What do you call someone who lives alone?

Hint: loner isn’t it!

People who live with other people are couples, families, extended families, shared houses, or friends. They identify in relation to those around them – his partner, their girlfriend, her parents, his / her / their wife / husband, their housemate/s. Spend less than five minutes online, or in any book shop, and you’ll immediately be able to get hold of pages and pages of advice on how to live in any one of these types of households.

But what about people who live by themselves?

A new community

The rise of living alone (especially as a preferred lifestyle choice) is a relatively new trend – so new, in fact, that there isn’t yet one commonly used word to describe us! As far as we’re aware, The Living Well Alone Project is one of only a handful of groups globally thinking about and talking about people who live alone as a community, and the idea is pretty new in research circles too.

‘One person households’ is fine for statistical and data collection purposes, and I ‘live by myself’ or ‘I live alone’ are sufficient answers to direct questions. But what if we want something that says a little bit more about who we are as people?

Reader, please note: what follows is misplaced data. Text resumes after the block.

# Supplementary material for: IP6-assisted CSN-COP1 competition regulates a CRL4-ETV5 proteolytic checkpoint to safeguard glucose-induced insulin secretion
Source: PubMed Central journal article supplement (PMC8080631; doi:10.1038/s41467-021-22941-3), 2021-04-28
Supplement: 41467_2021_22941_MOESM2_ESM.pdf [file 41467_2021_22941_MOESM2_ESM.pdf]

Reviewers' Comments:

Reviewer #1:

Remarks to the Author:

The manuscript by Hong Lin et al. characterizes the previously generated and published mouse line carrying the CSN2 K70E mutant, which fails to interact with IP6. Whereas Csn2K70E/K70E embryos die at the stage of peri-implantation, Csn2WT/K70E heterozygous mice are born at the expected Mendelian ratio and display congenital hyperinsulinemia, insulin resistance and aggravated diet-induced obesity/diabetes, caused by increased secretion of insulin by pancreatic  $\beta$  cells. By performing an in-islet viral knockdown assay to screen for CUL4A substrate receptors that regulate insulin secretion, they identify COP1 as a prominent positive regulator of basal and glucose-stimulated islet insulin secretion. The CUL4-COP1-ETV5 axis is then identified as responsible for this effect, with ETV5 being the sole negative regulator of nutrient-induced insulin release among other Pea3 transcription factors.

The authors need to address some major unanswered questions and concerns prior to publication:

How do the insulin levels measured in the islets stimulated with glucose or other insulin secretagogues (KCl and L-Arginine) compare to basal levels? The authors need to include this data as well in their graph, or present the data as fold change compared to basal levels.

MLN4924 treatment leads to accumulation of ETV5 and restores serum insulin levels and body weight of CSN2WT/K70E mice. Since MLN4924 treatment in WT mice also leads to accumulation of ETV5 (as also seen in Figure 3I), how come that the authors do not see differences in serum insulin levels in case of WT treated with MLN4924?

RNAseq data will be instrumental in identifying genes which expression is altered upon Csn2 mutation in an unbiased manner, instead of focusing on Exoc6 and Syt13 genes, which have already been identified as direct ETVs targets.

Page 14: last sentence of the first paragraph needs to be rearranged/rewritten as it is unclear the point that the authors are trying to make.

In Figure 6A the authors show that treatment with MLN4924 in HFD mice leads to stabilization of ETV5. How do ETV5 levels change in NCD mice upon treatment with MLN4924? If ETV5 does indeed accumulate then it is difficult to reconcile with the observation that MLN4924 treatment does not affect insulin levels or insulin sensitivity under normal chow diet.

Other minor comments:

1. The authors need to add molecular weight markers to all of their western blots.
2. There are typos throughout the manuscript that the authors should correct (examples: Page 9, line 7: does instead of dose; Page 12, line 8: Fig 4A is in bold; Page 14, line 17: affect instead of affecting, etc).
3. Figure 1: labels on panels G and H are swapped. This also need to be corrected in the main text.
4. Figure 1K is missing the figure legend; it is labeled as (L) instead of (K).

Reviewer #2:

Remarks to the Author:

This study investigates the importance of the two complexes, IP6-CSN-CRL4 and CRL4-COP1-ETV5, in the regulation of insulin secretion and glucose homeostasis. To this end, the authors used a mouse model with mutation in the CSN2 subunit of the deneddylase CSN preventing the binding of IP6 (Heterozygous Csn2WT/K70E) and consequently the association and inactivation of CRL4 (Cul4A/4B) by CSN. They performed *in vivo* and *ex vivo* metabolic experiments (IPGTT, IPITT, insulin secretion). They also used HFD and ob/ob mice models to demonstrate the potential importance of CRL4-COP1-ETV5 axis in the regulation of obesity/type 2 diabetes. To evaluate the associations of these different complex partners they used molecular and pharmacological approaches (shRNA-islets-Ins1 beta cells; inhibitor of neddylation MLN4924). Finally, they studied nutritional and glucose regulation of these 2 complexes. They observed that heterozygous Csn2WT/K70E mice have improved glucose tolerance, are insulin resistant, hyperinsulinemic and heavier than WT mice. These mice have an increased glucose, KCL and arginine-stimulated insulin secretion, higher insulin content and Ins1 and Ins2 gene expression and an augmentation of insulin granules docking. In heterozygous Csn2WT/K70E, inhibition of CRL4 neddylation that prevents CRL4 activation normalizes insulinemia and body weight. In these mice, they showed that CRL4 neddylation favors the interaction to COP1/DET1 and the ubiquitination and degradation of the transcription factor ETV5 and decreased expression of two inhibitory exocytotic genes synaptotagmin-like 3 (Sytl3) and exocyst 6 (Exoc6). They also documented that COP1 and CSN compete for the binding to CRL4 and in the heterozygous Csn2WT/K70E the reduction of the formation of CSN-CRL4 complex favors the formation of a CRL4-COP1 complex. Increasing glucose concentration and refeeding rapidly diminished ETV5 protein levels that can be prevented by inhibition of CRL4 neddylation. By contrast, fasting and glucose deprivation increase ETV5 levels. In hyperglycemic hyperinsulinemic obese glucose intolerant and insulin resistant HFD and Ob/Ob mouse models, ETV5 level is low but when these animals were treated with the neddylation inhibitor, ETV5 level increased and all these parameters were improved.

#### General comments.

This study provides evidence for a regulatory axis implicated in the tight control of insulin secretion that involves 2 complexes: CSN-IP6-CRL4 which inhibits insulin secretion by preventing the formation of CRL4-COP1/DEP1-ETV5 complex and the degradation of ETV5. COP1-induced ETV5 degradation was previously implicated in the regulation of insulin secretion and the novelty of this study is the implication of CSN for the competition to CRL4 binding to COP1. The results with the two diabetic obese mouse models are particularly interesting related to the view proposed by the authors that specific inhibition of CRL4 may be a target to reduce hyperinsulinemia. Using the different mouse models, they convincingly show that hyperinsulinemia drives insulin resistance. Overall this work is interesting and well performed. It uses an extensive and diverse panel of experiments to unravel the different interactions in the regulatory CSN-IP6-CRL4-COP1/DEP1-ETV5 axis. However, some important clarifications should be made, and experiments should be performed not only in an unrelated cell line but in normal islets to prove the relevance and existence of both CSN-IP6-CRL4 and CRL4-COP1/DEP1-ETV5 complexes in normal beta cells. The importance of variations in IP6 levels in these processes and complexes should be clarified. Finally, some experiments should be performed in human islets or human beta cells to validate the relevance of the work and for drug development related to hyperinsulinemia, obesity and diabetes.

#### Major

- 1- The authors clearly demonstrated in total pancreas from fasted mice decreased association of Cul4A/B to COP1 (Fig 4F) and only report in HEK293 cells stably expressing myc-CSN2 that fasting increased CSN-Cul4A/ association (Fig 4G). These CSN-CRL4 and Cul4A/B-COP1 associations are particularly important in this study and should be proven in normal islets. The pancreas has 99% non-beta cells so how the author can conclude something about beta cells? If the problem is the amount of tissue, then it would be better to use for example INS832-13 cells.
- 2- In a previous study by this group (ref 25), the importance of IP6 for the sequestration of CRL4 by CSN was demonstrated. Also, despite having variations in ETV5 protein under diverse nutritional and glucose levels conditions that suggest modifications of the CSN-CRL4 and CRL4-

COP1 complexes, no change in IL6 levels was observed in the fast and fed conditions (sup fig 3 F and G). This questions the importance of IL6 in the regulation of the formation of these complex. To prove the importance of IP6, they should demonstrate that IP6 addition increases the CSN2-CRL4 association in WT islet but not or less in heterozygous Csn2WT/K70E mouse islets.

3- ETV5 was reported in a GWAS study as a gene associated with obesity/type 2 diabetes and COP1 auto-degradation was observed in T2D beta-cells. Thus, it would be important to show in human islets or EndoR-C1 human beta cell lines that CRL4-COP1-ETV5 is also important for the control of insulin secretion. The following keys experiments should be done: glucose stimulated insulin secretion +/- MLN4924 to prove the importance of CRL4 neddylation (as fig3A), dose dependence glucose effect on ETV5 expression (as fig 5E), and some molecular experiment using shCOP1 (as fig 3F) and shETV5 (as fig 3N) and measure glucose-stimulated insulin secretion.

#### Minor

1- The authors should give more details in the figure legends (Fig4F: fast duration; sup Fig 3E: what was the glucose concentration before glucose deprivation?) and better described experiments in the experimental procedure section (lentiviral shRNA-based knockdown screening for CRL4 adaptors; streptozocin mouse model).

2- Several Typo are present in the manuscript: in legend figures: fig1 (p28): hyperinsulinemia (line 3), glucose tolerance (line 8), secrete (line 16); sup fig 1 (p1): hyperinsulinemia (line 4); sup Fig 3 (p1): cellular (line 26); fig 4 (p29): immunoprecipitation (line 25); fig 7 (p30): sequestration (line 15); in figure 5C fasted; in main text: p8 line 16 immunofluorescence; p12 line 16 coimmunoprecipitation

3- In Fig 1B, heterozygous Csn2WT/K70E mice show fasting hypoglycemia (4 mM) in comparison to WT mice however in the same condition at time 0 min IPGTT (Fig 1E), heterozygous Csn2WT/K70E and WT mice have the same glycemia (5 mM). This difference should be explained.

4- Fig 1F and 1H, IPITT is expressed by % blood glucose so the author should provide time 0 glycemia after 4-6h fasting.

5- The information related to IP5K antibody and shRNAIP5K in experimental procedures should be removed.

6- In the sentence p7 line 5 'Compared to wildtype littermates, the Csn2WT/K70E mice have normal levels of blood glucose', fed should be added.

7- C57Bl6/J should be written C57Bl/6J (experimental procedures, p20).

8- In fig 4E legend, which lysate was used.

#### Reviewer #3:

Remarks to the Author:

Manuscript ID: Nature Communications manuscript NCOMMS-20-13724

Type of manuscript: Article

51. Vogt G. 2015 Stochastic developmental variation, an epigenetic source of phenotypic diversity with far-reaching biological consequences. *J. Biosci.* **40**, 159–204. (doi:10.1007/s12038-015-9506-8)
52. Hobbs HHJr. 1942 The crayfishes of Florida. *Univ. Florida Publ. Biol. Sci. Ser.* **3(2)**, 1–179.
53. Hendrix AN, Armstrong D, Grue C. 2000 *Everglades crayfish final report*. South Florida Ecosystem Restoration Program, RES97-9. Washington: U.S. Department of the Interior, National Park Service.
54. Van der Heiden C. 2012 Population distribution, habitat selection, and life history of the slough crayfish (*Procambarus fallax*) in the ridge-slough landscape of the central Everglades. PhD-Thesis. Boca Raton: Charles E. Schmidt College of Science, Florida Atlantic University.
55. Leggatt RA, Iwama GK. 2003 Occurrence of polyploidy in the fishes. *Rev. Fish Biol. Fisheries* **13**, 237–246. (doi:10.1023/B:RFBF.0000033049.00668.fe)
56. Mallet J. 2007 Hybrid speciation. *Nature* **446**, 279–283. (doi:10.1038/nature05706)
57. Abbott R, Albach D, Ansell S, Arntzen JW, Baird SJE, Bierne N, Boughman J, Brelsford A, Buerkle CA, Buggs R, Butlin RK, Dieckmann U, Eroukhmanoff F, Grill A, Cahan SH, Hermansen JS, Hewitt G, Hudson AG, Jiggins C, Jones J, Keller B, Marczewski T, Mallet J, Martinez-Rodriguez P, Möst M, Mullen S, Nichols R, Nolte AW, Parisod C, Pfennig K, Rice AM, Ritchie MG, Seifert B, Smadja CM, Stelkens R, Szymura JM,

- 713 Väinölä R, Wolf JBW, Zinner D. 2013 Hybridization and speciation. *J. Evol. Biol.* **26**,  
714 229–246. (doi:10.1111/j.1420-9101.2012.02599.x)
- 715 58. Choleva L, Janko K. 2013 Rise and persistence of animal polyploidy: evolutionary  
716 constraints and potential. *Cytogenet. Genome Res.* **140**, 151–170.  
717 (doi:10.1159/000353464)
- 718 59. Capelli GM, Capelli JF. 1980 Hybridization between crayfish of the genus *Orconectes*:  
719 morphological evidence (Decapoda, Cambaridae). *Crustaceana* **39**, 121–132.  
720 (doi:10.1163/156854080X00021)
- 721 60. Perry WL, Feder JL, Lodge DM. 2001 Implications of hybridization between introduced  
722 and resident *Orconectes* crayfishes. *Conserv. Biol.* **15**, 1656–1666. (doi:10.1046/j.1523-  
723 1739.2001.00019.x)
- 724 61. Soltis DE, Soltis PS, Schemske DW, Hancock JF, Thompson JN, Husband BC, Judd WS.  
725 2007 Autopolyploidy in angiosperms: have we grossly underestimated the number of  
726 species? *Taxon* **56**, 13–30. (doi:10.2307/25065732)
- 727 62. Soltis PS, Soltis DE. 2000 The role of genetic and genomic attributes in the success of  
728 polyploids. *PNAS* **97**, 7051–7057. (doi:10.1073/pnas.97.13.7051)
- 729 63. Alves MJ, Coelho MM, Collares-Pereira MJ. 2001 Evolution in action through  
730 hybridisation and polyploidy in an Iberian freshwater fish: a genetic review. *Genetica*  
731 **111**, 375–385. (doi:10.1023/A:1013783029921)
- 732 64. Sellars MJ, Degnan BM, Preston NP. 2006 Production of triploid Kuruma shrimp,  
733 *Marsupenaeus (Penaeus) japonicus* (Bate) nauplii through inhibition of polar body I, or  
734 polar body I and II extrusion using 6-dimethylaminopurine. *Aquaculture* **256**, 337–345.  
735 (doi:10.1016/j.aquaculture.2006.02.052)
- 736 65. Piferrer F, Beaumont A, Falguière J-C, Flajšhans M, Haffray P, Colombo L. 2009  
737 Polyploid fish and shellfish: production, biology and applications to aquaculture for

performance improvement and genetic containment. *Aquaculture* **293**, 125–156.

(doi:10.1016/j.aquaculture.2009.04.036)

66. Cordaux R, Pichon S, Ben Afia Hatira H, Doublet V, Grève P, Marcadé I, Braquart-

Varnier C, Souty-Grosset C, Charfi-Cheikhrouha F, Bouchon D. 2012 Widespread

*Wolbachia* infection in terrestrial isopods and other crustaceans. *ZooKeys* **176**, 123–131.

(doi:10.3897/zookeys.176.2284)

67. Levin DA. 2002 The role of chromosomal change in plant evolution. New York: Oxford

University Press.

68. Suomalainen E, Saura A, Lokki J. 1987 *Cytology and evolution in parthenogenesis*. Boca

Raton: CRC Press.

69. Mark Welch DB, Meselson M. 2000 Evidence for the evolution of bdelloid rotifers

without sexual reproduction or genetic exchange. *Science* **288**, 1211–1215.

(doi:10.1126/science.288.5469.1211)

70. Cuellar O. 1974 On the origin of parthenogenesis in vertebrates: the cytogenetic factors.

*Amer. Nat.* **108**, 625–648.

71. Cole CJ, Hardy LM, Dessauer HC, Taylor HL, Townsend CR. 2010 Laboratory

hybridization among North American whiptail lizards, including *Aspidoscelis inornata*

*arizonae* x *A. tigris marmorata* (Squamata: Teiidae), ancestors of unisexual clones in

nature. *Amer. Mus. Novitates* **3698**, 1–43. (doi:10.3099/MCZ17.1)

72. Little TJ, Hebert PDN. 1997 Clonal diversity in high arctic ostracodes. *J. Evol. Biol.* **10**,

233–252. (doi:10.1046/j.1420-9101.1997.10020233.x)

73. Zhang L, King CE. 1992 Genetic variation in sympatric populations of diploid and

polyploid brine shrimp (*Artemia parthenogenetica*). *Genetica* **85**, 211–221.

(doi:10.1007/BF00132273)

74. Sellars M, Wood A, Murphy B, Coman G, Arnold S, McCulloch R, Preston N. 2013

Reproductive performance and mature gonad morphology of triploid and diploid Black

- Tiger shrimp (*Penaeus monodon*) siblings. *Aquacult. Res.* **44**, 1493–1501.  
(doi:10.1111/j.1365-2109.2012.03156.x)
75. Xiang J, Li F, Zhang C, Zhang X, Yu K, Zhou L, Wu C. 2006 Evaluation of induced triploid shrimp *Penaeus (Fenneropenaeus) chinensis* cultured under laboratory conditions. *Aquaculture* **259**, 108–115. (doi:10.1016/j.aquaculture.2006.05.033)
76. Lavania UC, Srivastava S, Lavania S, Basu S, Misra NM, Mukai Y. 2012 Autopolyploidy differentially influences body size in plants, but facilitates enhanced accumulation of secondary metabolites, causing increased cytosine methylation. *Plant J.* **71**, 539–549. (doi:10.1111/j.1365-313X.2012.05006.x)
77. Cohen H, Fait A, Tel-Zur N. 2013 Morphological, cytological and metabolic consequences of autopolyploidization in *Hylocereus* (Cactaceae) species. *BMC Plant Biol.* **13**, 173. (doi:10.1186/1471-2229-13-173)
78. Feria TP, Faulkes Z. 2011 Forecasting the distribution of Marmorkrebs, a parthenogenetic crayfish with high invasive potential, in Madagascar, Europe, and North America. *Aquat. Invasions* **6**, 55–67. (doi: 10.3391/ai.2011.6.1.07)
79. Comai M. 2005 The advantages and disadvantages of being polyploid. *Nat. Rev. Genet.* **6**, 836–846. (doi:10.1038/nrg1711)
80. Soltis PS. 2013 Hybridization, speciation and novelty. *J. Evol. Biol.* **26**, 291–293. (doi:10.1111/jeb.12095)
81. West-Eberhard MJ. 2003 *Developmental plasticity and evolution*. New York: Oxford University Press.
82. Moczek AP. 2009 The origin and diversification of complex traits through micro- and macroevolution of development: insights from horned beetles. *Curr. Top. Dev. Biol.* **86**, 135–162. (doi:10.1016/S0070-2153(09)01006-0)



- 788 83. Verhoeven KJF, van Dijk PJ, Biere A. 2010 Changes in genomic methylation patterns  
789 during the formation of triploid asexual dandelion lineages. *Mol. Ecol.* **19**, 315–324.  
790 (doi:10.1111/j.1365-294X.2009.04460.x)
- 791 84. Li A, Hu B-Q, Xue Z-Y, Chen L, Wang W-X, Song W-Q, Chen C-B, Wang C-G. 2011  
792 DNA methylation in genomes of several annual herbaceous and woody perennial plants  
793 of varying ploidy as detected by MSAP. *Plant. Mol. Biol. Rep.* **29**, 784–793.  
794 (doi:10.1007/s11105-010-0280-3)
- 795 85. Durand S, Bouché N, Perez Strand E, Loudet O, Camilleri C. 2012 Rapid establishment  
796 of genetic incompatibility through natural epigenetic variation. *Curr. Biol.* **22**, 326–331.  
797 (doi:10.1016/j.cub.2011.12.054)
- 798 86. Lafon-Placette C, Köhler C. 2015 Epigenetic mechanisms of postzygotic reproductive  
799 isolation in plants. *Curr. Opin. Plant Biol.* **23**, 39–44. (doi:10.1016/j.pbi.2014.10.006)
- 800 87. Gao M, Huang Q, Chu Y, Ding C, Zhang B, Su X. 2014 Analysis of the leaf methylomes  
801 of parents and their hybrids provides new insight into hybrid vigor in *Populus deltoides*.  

Onesies and Mono-Dwellers

Back in January, we thought we’d use our position as one of the largest online communities of solos to try to work out what people living alone would like to be called. When we asked, the ideas flew in thick and fast, and they were absolutely brilliant. Favourites of mine included ‘mono-dwellers,’ ‘self sufficient superstars,’ ‘lone wolves,’ ‘selves,’ ‘selfies,’ ‘indies / independents,’ ‘singulars.’ ‘Onesies’ was my favorite of all!

I’m holding all these for when we finally get round to making our own line of t-shirts. And while they were all fantastic, they weren’t at the top of the list. No, mono-dwellers really hasn’t caught on yet..

So what are some more commonly used words for people who live alone?


The vast majority of people who live alone are also not in a relationship (around 80%, according to our own survey, although this was mostly completed by people younger than 70 – the real percentage is probably higher). In the news, and in blogs, research and podcasts you’ll often hear ‘singles’ used in a way which overlaps with ‘people who live alone.’ There’s a huge amount of material out there on how to date or not date, how to live a successful single life, and some fascinating new insights into the varied lifestyles of people who aren’t in relationships. There are books, TED talks, podcasts, shows, and much of this is incredibly useful for people in our community (I would encourage you to read anything by Bella Depaulo, who is probably the world’s leading expert on single life).

We also, of course, hear ‘single parents’ used to describe parents who are bringing up their child without a partner.

However ‘single’ as a term can be problematic when talking about people who live alone. Not everyone who lives alone is single – a lot of people are in relationships with people they don’t live with, or live alone because their partner is travelling or working away from home. And not everyone who is single lives alone!